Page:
For the next three months, the race between Bush and Al Gore see-sawed back and forth. In three debates, Bush was consistent and steady, projecting a reasonable persona and not flubbing any questions. Gore's staff had inexplicably raised expectations for their candidate by publicly disparaging Bush's intellect prior to the debates. Certainly, Gore also knew his brief and, particularly on foreign policy, was able to demonstrate his experience and expertise. But Gore lost points with the public with his impatient and patronizing attitude toward Bush, and public opinion polls going into the last weekend showed that Gore's one-time lead had evaporated, with Bush slightly ahead. A story of a long-ago Bush drunk-driving arrest surfaced over the weekend, but pollsters detected only a slight drop in Bush's support. On November 7, Americans went to the polls with the same uncertainty about the outcome as the candidates. They—and the nation—would remain in the dark for another six weeks.

Gore initially conceded to Bush on election night, then later rescinded his concession in a terse phone call to Bush when it appeared that Florida was too close to call—and that victory in the Electoral College depended entirely on Florida. This set the stage for a no-holds-barred recount in Florida that went to the Florida Supreme Court (which ruled 4-3 for Gore) and the U.S. Supreme Court (which ruled 5-4 for Bush.) A strange-looking "butterfly ballot" in Palm Beach County resulted in more votes for third-party candidate Patrick J. Buchanan than was expected, while partially punched voting cards with their infamous "hanging chads" made the job of recounting tense and uncertain. In the end, a recount paid for by news organizations showed that Bush indeed won Florida by 537 votes, but many Democratic activists remained unconvinced of Bush's legitimacy even after he was sworn in. Partly, this was because of Gore's victory in the popular vote. In addition, the presence of Ralph Nader on the ballot almost certainly cost Gore the win in Florida—and in tiny New Hampshire, which also would have given Gore the presidency.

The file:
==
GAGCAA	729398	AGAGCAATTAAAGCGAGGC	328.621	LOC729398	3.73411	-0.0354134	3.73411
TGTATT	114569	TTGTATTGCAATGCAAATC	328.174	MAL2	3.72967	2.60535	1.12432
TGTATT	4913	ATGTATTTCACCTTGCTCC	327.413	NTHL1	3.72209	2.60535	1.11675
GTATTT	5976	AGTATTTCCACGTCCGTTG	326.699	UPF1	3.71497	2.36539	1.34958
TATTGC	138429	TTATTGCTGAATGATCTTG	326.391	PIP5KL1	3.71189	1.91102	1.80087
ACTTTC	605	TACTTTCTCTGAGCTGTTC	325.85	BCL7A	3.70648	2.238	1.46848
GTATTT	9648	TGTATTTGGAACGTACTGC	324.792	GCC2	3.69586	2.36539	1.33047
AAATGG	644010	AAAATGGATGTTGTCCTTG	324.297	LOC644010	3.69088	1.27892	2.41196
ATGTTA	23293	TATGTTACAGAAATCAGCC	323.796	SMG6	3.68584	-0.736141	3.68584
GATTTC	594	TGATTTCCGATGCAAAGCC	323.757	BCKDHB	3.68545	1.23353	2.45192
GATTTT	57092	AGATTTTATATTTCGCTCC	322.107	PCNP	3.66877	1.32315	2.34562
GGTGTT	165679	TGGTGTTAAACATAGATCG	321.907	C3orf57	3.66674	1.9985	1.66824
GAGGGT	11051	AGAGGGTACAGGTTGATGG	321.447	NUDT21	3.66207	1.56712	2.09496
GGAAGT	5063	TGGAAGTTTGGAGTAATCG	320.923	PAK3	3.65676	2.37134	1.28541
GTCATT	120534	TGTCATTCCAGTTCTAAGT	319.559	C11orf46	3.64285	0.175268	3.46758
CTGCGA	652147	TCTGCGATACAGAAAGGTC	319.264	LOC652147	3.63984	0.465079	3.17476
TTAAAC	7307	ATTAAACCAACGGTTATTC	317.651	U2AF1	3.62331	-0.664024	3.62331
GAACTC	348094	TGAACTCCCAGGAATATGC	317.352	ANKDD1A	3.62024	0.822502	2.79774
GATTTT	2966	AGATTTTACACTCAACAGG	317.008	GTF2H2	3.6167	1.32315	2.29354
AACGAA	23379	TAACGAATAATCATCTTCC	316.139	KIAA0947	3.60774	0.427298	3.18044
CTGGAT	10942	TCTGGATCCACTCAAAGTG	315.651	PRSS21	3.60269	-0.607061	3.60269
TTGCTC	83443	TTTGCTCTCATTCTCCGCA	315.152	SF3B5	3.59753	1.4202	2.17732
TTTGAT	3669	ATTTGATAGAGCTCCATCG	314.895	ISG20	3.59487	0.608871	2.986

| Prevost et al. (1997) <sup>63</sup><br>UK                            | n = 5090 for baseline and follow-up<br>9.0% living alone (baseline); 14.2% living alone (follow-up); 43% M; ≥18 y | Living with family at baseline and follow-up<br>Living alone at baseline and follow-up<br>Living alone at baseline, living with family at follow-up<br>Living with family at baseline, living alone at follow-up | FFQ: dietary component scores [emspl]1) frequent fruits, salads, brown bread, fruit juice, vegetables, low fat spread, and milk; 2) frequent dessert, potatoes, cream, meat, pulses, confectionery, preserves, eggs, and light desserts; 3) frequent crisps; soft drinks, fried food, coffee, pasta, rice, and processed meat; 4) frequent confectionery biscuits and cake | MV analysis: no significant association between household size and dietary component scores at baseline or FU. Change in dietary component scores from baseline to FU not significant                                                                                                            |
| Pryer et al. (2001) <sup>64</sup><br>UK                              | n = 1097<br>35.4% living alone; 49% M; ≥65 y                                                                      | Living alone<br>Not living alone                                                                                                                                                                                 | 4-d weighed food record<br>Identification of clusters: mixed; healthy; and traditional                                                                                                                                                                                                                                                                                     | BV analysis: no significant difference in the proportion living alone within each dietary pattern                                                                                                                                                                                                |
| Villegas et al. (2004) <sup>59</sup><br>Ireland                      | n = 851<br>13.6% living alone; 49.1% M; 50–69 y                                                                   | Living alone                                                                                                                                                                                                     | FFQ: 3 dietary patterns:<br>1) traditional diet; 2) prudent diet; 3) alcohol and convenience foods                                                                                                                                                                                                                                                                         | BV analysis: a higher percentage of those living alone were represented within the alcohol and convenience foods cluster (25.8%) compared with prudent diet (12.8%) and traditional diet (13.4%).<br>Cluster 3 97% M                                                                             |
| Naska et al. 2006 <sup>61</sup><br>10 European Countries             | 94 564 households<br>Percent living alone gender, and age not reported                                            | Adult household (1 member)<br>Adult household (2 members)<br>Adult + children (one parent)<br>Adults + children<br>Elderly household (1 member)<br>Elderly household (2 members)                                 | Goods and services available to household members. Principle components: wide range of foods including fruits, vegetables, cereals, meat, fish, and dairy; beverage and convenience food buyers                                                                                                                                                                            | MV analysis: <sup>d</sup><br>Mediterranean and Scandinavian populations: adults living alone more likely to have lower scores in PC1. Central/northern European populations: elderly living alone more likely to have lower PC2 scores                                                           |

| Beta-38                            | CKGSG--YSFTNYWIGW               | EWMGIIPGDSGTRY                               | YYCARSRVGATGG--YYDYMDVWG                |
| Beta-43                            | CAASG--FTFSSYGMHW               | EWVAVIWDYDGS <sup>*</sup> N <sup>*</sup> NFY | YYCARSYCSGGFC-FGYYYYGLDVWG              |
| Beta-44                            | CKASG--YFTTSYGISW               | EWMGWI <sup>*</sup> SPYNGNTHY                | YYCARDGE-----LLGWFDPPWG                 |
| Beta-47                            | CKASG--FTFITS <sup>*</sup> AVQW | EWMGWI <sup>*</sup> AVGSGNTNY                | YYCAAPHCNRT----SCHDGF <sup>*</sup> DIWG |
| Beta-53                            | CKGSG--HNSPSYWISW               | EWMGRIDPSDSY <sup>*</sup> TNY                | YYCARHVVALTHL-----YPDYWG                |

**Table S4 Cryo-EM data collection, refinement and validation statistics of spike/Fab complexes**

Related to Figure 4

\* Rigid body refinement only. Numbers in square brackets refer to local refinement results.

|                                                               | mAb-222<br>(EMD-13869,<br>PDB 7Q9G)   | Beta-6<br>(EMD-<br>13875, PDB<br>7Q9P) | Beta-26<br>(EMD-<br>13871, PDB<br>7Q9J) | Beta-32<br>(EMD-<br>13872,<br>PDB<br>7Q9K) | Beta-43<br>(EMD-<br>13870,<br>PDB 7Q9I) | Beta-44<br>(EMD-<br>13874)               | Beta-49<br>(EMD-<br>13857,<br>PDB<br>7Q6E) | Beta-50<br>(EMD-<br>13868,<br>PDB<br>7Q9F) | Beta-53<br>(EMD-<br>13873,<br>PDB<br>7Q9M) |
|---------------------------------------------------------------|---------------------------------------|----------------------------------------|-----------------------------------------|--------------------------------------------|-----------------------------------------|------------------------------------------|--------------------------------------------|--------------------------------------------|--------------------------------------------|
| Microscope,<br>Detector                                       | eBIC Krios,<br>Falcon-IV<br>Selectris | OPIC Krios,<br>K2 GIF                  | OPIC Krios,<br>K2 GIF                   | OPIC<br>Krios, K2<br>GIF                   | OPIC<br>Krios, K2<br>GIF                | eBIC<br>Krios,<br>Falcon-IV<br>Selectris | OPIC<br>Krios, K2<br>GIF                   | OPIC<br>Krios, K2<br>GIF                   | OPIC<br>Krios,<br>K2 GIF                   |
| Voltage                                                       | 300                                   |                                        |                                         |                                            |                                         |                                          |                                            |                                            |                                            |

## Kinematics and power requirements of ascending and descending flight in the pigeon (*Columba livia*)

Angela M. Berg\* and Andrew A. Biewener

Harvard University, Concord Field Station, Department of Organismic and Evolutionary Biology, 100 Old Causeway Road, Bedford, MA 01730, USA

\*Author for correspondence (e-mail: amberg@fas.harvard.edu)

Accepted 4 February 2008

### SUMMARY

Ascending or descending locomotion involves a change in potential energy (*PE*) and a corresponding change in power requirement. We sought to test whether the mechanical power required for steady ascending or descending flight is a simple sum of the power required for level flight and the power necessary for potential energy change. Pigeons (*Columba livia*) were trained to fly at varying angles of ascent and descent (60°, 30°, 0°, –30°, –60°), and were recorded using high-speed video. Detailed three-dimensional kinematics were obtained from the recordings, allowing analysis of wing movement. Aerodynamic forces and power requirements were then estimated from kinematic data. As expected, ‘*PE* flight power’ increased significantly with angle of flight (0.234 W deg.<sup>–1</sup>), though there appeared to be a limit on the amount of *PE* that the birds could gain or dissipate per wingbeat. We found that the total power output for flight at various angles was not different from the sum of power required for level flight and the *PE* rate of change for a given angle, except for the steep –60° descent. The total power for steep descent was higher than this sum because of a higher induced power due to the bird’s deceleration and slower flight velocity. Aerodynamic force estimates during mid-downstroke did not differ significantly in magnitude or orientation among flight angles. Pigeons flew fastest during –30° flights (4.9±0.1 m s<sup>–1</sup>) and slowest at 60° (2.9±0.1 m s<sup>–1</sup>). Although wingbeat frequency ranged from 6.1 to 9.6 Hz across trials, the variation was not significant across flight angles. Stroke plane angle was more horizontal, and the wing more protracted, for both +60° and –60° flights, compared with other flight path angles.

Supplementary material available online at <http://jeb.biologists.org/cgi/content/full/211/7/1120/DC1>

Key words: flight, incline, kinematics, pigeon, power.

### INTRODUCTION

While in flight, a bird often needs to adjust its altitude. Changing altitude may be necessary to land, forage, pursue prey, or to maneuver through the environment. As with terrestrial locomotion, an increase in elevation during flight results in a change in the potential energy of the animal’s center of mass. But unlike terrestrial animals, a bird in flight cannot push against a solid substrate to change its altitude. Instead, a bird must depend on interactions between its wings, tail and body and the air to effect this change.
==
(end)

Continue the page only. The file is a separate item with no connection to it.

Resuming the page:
The 2002 Midterms

Democrats immediately began planning revenge against Bush in the 2002 midterm elections. For one thing, they said, Bush's brother, Florida governor Jeb Bush, was finished. They also vowed to harness Democratic anger to retake the House and the Senate. This effort might well have been successful, except that by November 2002, the political landscape had been changed by the attacks of 9/11.

Bush's job approval ratings in the Gallup Poll, which had been in the mid-50s in the summer of 2001, shot upward after 9/11. They peaked in the high 80s around November 2001 and stayed high for nearly a year. The mid-term campaign of 2002 and the impending war with Iraq took the luster off for many people: A Gallup survey taken in the first week of October 2002 showed Bush with a 55 percent job-approval rating—identical to what his numbers had been in early August 2001. But Bush's high popularity during the previous year had helped the Republican Party recruit a high-powered class of Senate Republican candidates. In several bruising races around the country, these Republican challengers either captured open seats or waylaid Democratic incumbents. Bush spent a lot of political capital campaigning for these Republicans. One of the issues he stressed was Democratic reluctance to back his version of a Department of Homeland Security bill. This stance proved particularly damaging to Georgia senator Max Cleland and Missouri senator Jean Carnahan. Privately, some party activists blamed the Democratic leadership in the Senate for bucking Bush on homeland security, but Democrats were also highly critical of the way Bush and the Republican candidates used this issue—particularly against Cleland, a triple amputee from injuries sustained while he was a soldier in Vietnam. After the votes were counted in 2002, however, Republicans remained in control of the House and recaptured the Senate.